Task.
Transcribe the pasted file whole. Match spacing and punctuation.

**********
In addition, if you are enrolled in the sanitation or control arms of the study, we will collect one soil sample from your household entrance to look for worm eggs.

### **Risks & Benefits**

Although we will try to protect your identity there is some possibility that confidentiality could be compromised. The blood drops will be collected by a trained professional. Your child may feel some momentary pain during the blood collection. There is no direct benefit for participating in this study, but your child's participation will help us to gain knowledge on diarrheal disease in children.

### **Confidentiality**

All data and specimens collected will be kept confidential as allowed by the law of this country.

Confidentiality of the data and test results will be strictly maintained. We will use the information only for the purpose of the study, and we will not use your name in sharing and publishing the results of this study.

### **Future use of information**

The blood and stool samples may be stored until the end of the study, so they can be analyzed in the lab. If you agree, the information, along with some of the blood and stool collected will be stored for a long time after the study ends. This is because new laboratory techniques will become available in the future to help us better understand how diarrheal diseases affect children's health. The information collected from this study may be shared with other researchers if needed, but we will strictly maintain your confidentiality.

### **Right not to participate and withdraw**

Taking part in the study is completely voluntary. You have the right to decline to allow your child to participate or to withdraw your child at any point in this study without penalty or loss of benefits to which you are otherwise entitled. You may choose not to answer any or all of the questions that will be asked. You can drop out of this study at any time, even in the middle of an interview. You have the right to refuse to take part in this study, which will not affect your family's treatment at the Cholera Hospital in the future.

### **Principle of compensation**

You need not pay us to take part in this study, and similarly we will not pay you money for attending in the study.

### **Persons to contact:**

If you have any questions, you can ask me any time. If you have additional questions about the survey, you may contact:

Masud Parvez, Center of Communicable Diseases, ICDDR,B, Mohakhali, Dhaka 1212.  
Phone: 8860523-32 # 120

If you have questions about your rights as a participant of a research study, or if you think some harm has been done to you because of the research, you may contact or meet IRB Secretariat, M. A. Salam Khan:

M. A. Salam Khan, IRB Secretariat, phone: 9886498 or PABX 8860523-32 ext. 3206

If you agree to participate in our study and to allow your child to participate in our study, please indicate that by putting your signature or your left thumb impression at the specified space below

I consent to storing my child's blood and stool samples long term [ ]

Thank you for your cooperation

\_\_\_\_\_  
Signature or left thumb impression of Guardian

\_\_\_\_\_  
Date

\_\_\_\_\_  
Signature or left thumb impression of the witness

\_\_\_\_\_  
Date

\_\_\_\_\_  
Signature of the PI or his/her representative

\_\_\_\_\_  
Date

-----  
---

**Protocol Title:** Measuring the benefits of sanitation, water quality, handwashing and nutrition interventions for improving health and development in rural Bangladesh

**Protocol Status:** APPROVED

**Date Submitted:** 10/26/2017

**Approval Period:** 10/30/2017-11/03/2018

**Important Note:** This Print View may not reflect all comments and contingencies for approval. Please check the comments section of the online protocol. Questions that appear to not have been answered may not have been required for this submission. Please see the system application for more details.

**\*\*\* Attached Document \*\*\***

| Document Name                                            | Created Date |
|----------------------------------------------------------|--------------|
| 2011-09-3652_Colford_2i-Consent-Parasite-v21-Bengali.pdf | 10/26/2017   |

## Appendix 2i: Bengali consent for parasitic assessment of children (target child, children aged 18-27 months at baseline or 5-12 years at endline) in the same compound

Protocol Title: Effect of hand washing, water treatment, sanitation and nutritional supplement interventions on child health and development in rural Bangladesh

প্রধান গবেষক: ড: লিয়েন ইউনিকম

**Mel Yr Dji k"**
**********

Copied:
In addition, if you are enrolled in the sanitation or control arms of the study, we will collect one soil sample from your household entrance to look for worm eggs.

### **Risks & Benefits**

Although we will try to protect your identity there is some possibility that confidentiality could be compromised. The blood drops will be collected by a trained professional. Your child may feel some momentary pain during the blood collection. There is no direct benefit for participating in this study, but your child's participation will help us to gain knowledge on diarrheal disease in children.

### **Confidentiality**

All data and specimens collected will be kept confidential as allowed by the law of this country.

Confidentiality of the data and test results will be strictly maintained. We will use the information only for the purpose of the study, and we will not use your name in sharing and publishing the results of this study.

### **Future use of information**

The blood and stool samples may be stored until the end of the study, so they can be analyzed in the lab. If you agree, the information, along with some of the blood and stool collected will be stored for a long time after the study ends. This is because new laboratory techniques will become available in the future to help us better understand how diarrheal diseases affect children's health. The information collected from this study may be shared with other researchers if needed, but we will strictly maintain your confidentiality.

### **Right not to participate and withdraw**

Taking part in the study is completely voluntary. You have the right to decline to allow your child to participate or to withdraw your child at any point in this study without penalty or loss of benefits to which you are otherwise entitled. You may choose not to answer any or all of the questions that will be asked. You can drop out of this study at any time, even in the middle of an interview. You have the right to refuse to take part in this study, which will not affect your family's treatment at the Cholera Hospital in the future.

### **Principle of compensation**

You need not pay us to take part in this study, and similarly we will not pay you money for attending in the study.

### **Persons to contact:**

If you have any questions, you can ask me any time. If you have additional questions about the survey, you may contact:

Masud Parvez, Center of Communicable Diseases, ICDDR,B, Mohakhali, Dhaka 1212.  
Phone: 8860523-32 # 120

If you have questions about your rights as a participant of a research study, or if you think some harm has been done to you because of the research, you may contact or meet IRB Secretariat, M. A. Salam Khan:

M. A. Salam Khan, IRB Secretariat, phone: 9886498 or PABX 8860523-32 ext. 3206

If you agree to participate in our study and to allow your child to participate in our study, please indicate that by putting your signature or your left thumb impression at the specified space below

I consent to storing my child's blood and stool samples long term [ ]

Thank you for your cooperation

\_\_\_\_\_  
Signature or left thumb impression of Guardian

\_\_\_\_\_  
Date

\_\_\_\_\_  
Signature or left thumb impression of the witness

\_\_\_\_\_  
Date

\_\_\_\_\_  
Signature of the PI or his/her representative

\_\_\_\_\_  
Date

-----  
---

**Protocol Title:** Measuring the benefits of sanitation, water quality, handwashing and nutrition interventions for improving health and development in rural Bangladesh

**Protocol Status:** APPROVED

**Date Submitted:** 10/26/2017

**Approval Period:** 10/30/2017-11/03/2018

**Important Note:** This Print View may not reflect all comments and contingencies for approval. Please check the comments section of the online protocol. Questions that appear to not have been answered may not have been required for this submission. Please see the system application for more details.

**\*\*\* Attached Document \*\*\***

| Document Name                                            | Created Date |
|----------------------------------------------------------|--------------|
| 2011-09-3652_Colford_2i-Consent-Parasite-v21-Bengali.pdf | 10/26/2017   |

## Appendix 2i: Bengali consent for parasitic assessment of children (target child, children aged 18-27 months at baseline or 5-12 years at endline) in the same compound

Protocol Title: Effect of hand washing, water treatment, sanitation and nutritional supplement interventions on child health and development in rural Bangladesh

প্রধান গবেষক: ড: লিয়েন ইউনিকম

**Mel Yr Dji k"**